In high school and college, my understanding of the injustices around the world grew as I learned about historical and current events. I can still remember watching a video about Ghana during a youth group “30 Hour Famine” when I learned that children were forced to kill their own families with axes. Horrific. The sickening image was a wake up call as to the enormity of ugliness, brokenness, and evil in the world. I was so thankful everyone had their eyes closed in prayer as my face had become a mess of hot tears and snot- it was one of the first times I felt so deeply that our world is not as it should be.

The introduction of the book, When Helping Hurts, says:

North American Christians are simply not doing enough. We are the richest people ever to walk the face of the earth. Period. Yet, most of us live as though there is nothing terribly wrong in the world. … We do not necessarily need to feel guilty about our wealth. But we do need to get up every morning with a deep sense that something is terribly wrong with the world and yearn and strive to do something about it. There is simply not enough yearning and striving going on.

I don’t consider myself to be an emotional person but from time to time, I have had experiences similar to the “30 Hour Famine” where I’ve been deeply moved to mourn for what is wrong in our world. Recently I had a break-down after watching Defiance (Jewish brothers in Nazi-occupied Eastern Europe escape into the Belarussian forests in order to protect themselves and about 1,000 other Jews) because it reminded me how inherently messed up and distorted the human condition is, and how desperately we need God. I recall my own shortcomings- how I want to be a better person yet I keep criticizing my husband, I don’t express love and appreciation enough in my relationships, I defend myself instead of taking correction, I take the self-serving path much too often… On a personal level, we all fall short no matter how we try. Our relationships with others are broken as well, evidenced by everything from divorce rates to road rage. Our neighborhoods and cities suffer from crime, inadequate education systems, isolation of the elderly… Our nations are plagued by income inequality, political slander, irresponsible corporations, apathy, war… The lists go on and on. I don’t mean to sound so pessimistic, but I think it’s important to realize the depth of our problems- that we are in over our heads and we can’t get ourselves out. Why? Because then we realize how we desperately need God. He is quite literally our only hope.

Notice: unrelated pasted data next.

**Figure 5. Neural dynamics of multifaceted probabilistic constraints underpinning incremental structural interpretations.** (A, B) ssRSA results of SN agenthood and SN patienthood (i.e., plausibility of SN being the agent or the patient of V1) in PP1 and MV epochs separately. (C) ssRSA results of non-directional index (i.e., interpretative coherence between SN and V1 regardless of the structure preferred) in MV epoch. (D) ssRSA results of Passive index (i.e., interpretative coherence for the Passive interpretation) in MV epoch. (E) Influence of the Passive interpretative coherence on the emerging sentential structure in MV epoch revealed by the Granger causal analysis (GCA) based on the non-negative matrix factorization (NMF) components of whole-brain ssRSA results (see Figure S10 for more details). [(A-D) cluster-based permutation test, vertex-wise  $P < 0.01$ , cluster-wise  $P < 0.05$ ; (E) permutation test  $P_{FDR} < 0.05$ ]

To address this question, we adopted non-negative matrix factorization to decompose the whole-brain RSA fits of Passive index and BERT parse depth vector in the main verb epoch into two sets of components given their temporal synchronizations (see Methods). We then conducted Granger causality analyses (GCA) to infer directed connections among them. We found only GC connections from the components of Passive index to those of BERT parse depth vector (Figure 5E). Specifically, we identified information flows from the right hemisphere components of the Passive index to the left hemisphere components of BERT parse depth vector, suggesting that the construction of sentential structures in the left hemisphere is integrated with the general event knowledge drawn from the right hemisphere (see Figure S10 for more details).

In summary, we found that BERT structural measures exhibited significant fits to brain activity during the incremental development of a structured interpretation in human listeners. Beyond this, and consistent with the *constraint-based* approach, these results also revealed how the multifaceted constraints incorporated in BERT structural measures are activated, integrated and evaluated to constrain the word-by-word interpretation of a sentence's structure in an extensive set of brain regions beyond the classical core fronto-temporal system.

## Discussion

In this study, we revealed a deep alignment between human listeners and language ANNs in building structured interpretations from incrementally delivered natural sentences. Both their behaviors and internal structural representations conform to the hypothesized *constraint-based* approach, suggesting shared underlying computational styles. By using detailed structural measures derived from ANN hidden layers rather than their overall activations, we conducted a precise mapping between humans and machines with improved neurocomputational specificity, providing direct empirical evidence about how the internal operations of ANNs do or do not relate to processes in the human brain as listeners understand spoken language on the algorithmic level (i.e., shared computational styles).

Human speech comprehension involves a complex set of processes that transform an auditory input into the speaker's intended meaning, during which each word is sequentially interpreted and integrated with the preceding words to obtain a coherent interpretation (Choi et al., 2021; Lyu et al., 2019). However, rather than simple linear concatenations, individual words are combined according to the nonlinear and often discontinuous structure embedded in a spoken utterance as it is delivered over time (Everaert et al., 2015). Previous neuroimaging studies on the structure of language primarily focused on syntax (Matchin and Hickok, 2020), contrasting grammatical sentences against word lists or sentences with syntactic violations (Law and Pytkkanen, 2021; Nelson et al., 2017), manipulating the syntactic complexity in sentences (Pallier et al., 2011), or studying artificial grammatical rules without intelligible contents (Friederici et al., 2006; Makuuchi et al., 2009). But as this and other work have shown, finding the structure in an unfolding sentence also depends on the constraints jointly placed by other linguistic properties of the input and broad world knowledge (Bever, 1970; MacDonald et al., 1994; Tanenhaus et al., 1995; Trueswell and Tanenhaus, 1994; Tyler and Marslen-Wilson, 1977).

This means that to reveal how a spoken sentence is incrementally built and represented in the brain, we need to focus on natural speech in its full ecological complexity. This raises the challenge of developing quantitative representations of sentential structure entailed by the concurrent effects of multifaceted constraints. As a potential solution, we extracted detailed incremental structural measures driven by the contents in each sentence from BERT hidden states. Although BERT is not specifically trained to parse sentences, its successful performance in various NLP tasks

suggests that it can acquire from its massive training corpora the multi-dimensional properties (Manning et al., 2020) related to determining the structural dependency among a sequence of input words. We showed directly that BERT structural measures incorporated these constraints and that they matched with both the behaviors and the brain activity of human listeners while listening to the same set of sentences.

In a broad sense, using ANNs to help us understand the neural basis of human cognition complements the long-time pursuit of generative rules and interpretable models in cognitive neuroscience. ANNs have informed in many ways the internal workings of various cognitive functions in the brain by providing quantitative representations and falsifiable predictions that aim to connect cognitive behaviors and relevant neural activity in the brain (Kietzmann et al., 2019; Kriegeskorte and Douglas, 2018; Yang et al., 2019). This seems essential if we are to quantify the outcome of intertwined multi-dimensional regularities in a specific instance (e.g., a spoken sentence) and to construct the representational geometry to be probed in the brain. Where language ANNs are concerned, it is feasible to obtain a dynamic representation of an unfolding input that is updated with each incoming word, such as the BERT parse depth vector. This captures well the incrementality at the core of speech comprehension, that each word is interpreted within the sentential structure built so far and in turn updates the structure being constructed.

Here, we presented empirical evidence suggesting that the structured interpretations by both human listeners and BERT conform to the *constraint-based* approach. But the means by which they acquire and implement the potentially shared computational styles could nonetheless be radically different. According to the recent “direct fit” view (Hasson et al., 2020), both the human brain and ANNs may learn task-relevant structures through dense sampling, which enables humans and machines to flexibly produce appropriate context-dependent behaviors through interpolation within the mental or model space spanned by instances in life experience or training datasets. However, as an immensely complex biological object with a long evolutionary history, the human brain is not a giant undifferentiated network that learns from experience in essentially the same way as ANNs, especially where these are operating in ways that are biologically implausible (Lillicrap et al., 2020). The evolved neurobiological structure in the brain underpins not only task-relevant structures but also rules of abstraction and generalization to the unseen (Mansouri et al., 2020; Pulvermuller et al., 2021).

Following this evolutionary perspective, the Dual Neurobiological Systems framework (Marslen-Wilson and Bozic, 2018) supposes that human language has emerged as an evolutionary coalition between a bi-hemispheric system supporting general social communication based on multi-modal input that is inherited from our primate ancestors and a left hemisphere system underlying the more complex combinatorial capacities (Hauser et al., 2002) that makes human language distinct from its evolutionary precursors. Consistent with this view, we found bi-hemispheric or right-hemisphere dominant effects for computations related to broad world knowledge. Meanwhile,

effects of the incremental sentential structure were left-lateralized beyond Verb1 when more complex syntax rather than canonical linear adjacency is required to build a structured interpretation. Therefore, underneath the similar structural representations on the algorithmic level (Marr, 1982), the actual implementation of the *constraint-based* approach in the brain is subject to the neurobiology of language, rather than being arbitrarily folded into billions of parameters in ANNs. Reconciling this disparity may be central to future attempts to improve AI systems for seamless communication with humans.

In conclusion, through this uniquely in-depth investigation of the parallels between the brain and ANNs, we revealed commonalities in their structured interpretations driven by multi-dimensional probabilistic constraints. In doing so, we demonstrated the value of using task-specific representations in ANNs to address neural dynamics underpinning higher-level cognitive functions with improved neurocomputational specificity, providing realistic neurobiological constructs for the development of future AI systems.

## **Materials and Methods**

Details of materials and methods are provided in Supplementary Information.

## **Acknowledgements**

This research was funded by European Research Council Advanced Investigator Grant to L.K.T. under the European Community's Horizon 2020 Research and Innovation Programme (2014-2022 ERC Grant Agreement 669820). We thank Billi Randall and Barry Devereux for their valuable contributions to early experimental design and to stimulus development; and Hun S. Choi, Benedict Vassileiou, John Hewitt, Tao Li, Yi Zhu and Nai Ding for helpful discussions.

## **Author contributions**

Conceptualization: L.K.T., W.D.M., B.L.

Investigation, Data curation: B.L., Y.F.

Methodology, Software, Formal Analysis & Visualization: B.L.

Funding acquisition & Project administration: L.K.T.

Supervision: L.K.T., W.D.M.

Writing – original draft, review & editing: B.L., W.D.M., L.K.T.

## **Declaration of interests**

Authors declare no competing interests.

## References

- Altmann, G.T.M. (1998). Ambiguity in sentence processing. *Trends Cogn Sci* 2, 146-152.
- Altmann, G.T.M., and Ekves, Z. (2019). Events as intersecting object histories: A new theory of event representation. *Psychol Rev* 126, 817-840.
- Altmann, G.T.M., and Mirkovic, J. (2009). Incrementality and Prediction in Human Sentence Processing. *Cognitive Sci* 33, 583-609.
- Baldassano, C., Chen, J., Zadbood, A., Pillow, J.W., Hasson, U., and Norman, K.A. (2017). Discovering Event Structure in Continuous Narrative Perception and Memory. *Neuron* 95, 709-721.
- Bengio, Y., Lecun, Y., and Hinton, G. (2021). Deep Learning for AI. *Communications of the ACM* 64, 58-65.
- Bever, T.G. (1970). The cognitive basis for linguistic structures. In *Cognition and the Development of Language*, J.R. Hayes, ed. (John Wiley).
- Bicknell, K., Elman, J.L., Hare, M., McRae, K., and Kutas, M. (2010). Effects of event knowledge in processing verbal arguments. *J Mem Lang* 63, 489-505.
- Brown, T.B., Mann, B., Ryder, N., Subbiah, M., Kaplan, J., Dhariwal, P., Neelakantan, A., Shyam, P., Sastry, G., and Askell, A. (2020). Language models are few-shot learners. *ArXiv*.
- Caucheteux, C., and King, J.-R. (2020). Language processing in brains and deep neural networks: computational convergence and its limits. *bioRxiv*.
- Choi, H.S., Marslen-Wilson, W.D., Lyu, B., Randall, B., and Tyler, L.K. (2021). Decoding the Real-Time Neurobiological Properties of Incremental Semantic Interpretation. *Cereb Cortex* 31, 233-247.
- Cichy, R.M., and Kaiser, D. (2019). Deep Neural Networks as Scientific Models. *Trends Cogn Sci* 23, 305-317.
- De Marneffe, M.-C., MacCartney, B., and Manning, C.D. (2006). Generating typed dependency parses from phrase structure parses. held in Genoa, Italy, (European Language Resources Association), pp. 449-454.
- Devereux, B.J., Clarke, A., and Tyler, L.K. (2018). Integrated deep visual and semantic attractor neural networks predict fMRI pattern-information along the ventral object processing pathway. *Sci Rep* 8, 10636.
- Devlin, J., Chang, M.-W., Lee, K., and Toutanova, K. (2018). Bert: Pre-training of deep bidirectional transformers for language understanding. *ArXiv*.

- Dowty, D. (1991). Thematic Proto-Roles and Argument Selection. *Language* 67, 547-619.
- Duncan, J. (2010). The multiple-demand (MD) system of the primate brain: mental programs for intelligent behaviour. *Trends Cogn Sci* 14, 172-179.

I know we are not meant to be in a state of mourning all the time- that would be depressing and, in turn, debilitating. But I think it is far healthier to let the weight of the world hit you profoundly from time to time than to feign ignorance and live as if nothing is wrong. This means allowing yourself to see the ugliness in the world, paying attention to current events and being aware of historical injustices. Look people on the streets in the eye, literally and metaphorically, acknowledging their existence, acknowledging that all is not right. Don’t let yourself become desensitized. When I accompanied a group of college students to Arizona (see video blog here), they asked an immigration lawyer working in Operation Streamline how she copes when her clients are continuously treated so unjustly. Her response was that she doesn’t cope and doesn’t want to. She cries- in court- because she refuses to be desensitized or to go on as if nothing was wrong.

Caring about people and the situations they’re in is the first step. The next step, taking action, goes hand in hand. And when we do take action, we must also desire to act in a way that is not only effective but also avoids any harm.

That leads me to our topic for the series which is to follow. I want to address one more thing before I really get into the concepts of serving others without harming them (or yourself). As you can already tell, I’m coming at this from a faith-based perspective, as does the book “When Helping Hurts.” Faith doesn’t just fit into the picture, it is central to it. More on that next.

Other “When Helping Hurts” series posts:  Intro: God and PovertyContext Is CriticalHung Up On MaterialWhat To Do When, How To Be Positively Helpful (Part 1)How To Be Positively Helpful (Part 2)